In accordance with the invention, a plurality of thermal control vanes are mounted in respective pairs of slots so as to extend through the space de¬ fined by the barrel wall. These thermal control vanes are designed to induce temperature changes in material contained within the barrel when the vanes are activated by suitable means for heating or cooling portions of the vanes. Activation of the vanes may be carried out for example by forming the vanes with heater elements therein and passing an electrical circuit through the vanes. In another preferred mode of activating the vanes there may be employed vanes characterized by a hollow construction to constitute tubular mem¬ bers through which a thermal control fluid may be introduced, and if desired circulated, to induce either heating or cooling. When the vanes are thus activated heating and cooling effects are trans¬ mitted from the vanes to plastic materials located around the -vanes in the barrel member ahd thus heating and cooling takes place uniformly through¬ out the mass of contained plastic material so that no problem of temperature gradients is experienced. In.Fig. 1 the thermal control vanes of the invention are illustrated as denoted by the numerals 6, 8 and 10, in fully inserted position in the bar¬ rel 2. One other vane 12 is shown removed from the slots 4 and 5 together with a vane connector here¬ inafter described in more detail.

It will be noted that each of the vanes extends in an angularly disposed relationship to one another in positions such that outer sides of the vanes present diverting surfaces against which plastic materials moving through the barrel are diverted a- long successively differing paths of travel as well as undergoing, concurrently, either heating or cooling. In Fig. 2 the vanes 6, 8, 10 and 12 are fur- ther illustrated and as will be apparent from an inspection of this figure they are arranged to ex¬ tend angularly with respect to one another and with respect to the central longitudinal axis of the barrel 2. However, it may be desired to position one or more of the vanes in a manner such that no intersection with the central longitudinal axis of the barrel occurs.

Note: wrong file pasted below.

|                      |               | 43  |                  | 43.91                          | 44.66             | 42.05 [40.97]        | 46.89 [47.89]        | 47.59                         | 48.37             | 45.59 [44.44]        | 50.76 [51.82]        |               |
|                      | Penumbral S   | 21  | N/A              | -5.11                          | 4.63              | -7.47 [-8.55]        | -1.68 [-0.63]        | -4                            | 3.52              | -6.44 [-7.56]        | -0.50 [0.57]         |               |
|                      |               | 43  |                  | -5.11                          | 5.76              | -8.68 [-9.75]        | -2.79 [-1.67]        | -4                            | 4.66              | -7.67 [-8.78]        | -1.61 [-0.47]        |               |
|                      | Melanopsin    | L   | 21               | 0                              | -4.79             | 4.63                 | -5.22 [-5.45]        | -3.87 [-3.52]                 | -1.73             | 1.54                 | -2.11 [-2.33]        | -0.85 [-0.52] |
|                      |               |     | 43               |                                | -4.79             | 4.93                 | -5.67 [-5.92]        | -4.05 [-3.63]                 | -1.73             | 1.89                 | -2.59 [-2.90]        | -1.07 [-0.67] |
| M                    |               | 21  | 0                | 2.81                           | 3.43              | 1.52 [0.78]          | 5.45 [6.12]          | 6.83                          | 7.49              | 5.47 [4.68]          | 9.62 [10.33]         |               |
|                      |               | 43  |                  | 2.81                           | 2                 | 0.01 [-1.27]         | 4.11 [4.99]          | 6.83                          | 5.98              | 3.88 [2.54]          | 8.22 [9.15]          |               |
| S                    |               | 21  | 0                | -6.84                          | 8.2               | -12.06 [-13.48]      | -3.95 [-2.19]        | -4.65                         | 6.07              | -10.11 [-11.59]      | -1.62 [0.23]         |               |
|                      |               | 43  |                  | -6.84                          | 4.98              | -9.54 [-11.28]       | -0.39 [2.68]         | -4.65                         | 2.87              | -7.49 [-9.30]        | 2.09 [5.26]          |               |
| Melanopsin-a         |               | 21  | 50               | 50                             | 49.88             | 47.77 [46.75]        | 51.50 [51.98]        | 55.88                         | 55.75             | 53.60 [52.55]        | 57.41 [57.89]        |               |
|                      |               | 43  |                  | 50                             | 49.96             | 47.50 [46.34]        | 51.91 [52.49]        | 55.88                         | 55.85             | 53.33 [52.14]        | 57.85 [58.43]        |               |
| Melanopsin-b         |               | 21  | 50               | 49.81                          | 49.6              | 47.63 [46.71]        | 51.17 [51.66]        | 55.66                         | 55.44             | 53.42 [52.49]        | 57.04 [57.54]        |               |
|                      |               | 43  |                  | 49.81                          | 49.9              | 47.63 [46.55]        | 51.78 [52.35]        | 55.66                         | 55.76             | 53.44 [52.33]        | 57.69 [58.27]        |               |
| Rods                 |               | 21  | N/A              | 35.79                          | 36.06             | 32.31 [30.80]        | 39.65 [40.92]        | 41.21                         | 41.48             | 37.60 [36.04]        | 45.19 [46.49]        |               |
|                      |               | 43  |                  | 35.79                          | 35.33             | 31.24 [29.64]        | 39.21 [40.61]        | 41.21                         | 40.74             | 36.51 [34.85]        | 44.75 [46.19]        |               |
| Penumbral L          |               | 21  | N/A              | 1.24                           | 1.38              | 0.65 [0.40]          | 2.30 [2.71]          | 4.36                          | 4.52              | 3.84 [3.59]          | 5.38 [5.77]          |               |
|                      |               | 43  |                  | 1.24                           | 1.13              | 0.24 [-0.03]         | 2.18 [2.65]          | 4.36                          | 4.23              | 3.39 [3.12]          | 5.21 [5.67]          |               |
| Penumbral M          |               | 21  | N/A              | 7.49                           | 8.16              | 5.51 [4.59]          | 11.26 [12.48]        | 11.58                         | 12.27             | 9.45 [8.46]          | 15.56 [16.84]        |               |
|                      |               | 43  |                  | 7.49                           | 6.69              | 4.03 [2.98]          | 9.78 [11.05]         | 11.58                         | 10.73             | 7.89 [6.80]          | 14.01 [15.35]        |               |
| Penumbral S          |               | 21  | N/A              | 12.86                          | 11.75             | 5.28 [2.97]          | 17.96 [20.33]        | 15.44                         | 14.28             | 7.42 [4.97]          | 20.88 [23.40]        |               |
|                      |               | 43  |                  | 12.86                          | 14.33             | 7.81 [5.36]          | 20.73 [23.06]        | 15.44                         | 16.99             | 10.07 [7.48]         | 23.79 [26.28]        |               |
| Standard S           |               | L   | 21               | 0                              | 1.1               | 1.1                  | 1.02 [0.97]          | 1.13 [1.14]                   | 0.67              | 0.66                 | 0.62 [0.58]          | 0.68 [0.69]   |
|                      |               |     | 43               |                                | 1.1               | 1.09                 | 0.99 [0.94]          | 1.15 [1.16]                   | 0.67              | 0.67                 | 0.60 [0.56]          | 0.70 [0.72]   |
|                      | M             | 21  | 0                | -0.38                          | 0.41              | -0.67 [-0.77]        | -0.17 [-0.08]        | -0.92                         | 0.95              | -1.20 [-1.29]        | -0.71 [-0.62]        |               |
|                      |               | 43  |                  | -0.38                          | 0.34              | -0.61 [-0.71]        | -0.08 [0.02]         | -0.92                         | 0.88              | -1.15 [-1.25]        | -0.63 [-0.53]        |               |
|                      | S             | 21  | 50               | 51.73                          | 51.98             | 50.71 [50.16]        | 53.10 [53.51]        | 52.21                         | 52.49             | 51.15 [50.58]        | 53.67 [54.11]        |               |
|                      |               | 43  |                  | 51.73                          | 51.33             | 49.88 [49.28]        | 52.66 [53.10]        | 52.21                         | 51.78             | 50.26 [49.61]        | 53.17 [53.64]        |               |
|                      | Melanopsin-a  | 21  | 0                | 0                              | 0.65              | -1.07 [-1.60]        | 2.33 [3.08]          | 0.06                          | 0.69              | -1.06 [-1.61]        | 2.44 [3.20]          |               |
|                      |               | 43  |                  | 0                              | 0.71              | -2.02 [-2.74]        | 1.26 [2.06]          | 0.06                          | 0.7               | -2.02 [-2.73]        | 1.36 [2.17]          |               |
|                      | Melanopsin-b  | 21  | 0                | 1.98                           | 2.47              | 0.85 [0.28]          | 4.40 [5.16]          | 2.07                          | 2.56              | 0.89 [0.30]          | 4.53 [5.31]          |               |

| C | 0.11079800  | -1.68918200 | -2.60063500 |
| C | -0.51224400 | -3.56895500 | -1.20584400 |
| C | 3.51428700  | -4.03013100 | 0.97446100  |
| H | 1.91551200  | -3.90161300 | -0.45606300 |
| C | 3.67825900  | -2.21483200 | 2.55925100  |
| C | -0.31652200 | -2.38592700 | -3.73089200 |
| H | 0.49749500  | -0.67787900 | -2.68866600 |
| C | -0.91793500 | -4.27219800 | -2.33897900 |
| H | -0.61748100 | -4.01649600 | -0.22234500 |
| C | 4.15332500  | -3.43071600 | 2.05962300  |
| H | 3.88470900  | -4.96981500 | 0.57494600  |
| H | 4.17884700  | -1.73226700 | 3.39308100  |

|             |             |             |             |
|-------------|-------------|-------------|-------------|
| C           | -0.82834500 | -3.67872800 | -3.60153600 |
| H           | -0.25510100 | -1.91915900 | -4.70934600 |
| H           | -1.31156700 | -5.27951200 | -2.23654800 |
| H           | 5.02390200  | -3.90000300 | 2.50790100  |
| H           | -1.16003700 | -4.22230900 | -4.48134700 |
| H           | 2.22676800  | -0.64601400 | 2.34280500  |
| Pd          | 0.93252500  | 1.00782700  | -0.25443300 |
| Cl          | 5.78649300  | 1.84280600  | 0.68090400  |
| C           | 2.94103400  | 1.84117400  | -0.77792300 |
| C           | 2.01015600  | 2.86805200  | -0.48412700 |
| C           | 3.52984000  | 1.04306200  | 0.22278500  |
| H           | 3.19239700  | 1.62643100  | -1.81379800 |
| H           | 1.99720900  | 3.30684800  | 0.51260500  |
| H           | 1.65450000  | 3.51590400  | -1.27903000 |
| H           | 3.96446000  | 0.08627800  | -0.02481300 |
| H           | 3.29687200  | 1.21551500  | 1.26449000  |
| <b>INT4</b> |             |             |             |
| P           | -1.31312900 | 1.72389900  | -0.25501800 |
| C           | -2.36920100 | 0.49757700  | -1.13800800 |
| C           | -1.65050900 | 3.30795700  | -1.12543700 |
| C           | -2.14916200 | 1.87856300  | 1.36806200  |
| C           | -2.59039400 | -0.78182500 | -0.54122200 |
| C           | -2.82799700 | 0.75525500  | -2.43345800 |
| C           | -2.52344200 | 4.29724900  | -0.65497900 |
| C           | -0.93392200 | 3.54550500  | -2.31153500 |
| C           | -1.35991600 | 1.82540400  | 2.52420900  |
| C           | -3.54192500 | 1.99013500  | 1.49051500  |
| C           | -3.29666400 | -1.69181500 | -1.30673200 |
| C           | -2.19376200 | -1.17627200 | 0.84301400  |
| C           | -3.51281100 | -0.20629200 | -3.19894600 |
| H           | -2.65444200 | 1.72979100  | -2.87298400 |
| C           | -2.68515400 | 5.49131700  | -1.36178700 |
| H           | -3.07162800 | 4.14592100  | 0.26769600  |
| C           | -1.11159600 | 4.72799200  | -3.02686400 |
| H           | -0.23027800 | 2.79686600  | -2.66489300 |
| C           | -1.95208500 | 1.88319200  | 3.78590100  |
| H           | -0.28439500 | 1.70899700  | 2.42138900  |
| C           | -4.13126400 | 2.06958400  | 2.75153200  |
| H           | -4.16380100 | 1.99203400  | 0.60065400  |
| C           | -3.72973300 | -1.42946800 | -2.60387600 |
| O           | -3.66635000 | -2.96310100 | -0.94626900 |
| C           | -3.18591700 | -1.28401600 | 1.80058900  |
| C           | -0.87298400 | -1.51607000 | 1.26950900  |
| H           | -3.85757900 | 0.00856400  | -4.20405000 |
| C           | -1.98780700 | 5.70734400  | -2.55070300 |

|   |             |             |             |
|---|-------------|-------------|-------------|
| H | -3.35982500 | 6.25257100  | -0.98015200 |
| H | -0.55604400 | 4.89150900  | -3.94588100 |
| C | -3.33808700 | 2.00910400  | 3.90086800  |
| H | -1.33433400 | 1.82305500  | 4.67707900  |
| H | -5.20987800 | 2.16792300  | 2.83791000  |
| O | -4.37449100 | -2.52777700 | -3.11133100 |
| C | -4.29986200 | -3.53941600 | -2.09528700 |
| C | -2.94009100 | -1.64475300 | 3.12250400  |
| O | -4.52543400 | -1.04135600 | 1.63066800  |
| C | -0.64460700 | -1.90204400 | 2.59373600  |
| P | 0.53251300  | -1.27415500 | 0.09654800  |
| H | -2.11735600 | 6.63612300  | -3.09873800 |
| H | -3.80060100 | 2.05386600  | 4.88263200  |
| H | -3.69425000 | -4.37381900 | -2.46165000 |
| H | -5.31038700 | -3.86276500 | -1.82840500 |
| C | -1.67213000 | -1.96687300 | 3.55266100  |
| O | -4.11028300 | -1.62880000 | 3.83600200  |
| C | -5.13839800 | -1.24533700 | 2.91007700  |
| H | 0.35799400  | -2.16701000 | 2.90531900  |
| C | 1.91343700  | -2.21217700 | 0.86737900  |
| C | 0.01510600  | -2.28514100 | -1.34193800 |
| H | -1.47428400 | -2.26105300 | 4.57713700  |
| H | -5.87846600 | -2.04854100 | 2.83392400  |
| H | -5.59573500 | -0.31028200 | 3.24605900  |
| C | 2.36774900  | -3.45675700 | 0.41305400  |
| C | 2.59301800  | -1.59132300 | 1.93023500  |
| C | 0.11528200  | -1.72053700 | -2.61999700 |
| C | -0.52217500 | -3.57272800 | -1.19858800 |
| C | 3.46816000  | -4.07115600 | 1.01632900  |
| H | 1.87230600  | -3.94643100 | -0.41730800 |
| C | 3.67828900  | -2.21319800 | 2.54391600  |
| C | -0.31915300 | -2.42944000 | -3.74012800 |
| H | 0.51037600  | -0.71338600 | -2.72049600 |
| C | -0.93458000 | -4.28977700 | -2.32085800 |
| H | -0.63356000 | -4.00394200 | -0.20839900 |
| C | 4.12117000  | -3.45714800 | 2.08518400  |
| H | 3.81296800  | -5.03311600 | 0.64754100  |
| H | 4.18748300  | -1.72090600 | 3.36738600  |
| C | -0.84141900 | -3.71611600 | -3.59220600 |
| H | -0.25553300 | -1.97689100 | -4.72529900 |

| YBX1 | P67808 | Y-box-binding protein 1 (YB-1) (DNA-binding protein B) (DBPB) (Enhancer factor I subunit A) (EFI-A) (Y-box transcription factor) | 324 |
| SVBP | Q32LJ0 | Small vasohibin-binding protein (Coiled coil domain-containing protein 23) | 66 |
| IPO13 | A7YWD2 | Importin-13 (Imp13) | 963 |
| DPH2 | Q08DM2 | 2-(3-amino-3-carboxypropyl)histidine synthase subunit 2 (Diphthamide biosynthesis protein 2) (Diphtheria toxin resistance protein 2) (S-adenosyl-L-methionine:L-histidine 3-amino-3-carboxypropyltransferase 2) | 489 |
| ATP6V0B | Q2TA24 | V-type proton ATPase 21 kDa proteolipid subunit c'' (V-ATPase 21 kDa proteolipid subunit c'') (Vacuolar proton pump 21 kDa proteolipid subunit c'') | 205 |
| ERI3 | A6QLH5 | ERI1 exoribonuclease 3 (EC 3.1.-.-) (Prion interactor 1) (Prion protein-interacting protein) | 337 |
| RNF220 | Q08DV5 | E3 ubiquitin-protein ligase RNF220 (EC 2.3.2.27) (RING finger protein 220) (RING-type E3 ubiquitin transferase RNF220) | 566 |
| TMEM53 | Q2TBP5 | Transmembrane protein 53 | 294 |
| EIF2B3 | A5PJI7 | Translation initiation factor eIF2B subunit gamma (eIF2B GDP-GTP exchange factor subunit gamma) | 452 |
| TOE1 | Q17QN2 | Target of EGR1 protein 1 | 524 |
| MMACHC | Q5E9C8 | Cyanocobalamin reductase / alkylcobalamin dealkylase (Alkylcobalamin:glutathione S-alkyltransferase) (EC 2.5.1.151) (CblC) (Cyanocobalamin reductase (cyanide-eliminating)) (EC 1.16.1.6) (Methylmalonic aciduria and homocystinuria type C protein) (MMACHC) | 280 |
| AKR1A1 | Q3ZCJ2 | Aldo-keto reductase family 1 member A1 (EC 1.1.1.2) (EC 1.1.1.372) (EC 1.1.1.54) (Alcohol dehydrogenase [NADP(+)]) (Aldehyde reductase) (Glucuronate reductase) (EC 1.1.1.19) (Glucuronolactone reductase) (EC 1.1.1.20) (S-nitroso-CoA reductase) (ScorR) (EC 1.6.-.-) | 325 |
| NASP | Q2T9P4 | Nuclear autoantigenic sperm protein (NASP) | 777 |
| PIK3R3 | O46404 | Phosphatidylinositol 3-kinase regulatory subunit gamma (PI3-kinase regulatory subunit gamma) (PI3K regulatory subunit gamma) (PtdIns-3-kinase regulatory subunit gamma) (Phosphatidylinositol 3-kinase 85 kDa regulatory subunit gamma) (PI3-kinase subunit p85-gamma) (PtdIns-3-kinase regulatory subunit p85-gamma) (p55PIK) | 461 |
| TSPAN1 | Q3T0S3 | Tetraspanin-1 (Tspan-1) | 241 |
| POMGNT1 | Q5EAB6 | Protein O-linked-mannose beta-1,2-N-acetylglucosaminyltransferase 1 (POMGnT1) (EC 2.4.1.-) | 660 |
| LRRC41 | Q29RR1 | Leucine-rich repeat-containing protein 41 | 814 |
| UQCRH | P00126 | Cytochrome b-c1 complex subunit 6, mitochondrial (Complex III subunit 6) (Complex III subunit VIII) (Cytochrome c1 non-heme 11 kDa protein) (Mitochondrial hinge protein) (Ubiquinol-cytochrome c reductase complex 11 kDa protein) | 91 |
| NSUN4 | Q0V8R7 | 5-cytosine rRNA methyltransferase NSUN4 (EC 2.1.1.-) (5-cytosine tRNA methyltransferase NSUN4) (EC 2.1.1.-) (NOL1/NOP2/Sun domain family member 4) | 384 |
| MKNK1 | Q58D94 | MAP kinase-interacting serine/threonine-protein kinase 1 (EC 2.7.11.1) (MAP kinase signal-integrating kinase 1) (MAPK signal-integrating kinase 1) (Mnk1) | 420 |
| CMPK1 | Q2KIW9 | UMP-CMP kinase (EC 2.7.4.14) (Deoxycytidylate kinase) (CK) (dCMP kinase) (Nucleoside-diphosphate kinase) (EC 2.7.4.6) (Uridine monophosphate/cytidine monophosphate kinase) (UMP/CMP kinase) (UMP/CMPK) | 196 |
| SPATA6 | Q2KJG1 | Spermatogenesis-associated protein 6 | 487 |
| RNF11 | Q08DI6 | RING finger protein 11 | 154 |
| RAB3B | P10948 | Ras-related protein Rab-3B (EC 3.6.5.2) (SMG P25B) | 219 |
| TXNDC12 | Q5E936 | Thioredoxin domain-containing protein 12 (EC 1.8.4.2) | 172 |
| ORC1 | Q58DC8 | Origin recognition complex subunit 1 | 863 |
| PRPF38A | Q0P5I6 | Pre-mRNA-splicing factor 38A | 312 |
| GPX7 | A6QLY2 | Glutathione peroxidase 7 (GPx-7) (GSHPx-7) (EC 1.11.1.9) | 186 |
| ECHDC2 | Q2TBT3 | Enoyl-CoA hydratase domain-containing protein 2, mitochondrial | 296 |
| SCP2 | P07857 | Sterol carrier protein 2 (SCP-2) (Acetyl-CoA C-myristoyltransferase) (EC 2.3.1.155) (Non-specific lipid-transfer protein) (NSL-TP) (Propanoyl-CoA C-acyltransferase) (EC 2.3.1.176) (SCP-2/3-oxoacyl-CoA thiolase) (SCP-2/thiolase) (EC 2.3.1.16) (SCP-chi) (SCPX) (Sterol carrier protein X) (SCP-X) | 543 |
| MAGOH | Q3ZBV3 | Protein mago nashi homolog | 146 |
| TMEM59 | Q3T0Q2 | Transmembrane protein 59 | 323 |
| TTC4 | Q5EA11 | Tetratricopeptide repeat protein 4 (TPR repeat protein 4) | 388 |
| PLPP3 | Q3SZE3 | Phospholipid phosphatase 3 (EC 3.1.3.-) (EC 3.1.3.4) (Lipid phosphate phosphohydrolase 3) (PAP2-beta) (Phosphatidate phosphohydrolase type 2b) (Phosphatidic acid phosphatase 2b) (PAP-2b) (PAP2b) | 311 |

In utilizing the thermal control vanes as di¬ verting means for mixing plastic materials it is desirable to provide diverter surfaces of relatively large size and therefore in the preferred form of tubular structure a shape of rectangular.cross sec¬ tion has been provided. However, it is intended that the vanes may have other cross sectional shapes as circular, square, triangular and the like.

In combination with the thermal control vanes shown in Figs. 1 and.2 there is further provided means for supplying a thermal control fluid and introducing such fluid into the several vane mem¬ bers. Fig. 3 illustrates diagrammatically a means for supplying a thermal control fluid to the vane 8 in a manner such that a circulation of the fluid is carried out. As shown in Fig. 3 a reservoir for thermal control fluid is denoted by the numeral 20 from which fluid may be pumped by pump means 22 through conduit means 24 into vane 8 and returned through conduit 26 to provide for either a contin¬ uous or intermittent flow suitable for acheiving a desired heating or cooling action.

It will be understood that the pump means 22 indicated diagrammatically in Fig. 3 is shown con- nected to the inlet conduit 24 for vane 8 and this connection is intended to be illustrative of con¬ necting pump 22 with inlet conduits communicating with other thermal control vanes. Numeral 30 de¬ notes an inlet conduit for vane 10 and numerals 32 and 34 refer to inlet conduits for vanes 6 and 12 respectively. Similarly, numerals 26, 36, 38 and 40 refer to outlet conduits for vanes 8, 10, 6 and 12 respectively.

As one suitable means for sealably connecting the inlet and outlet conduits with the barrel 2 there may be employed connector plates detachably secured to the outer peripheral surface of the barrel 2 and indicated by numerals 14 and 42, 44 and 46, 48 and 50, and 52 and 54.

In Figs. 3-5 there is illustrated in more detail and on a larger scale the mounting of one pair of connector plates 14 and 42 on the barrel 2 to communicate with the thermal control vane 8. The connector plates are formed of a curved shape similar to that of the outer surface of barrel 2 and are of a size suitable for overlying the slots 4 and 5. Each of .the plates is formed with openings through which are located threaded fastening as 58 and 60 which are threaded into the barrel as shown. Each of the connector plates is further formed with fluid passageways centrally disposed there— through and inner sides of the plates are recessed to provide spaces into which ends of the control vanes may be fitted in an angularly disposed relationship as suggested in Fig. 5. Surrounding the recessed por¬ tions are sealing ring grooves in which are received sealing ring means such as O-rings. Numeral 62 denotes one of the fluid passageways shown in Fig. 6. Numeral 64 denotes a sealing ring shown in cross section in Fig. 4 and indicated in dotted lines in Fig. 5. By means of this arrangement the several plates are secured in sealed relationship agains the barrel 2 and it will be understood that the sealing means may be varied to deal with thermal control fluids furnished at varying pressures and rates of flow where a circulation of fluid is de¬ sired to be carried out.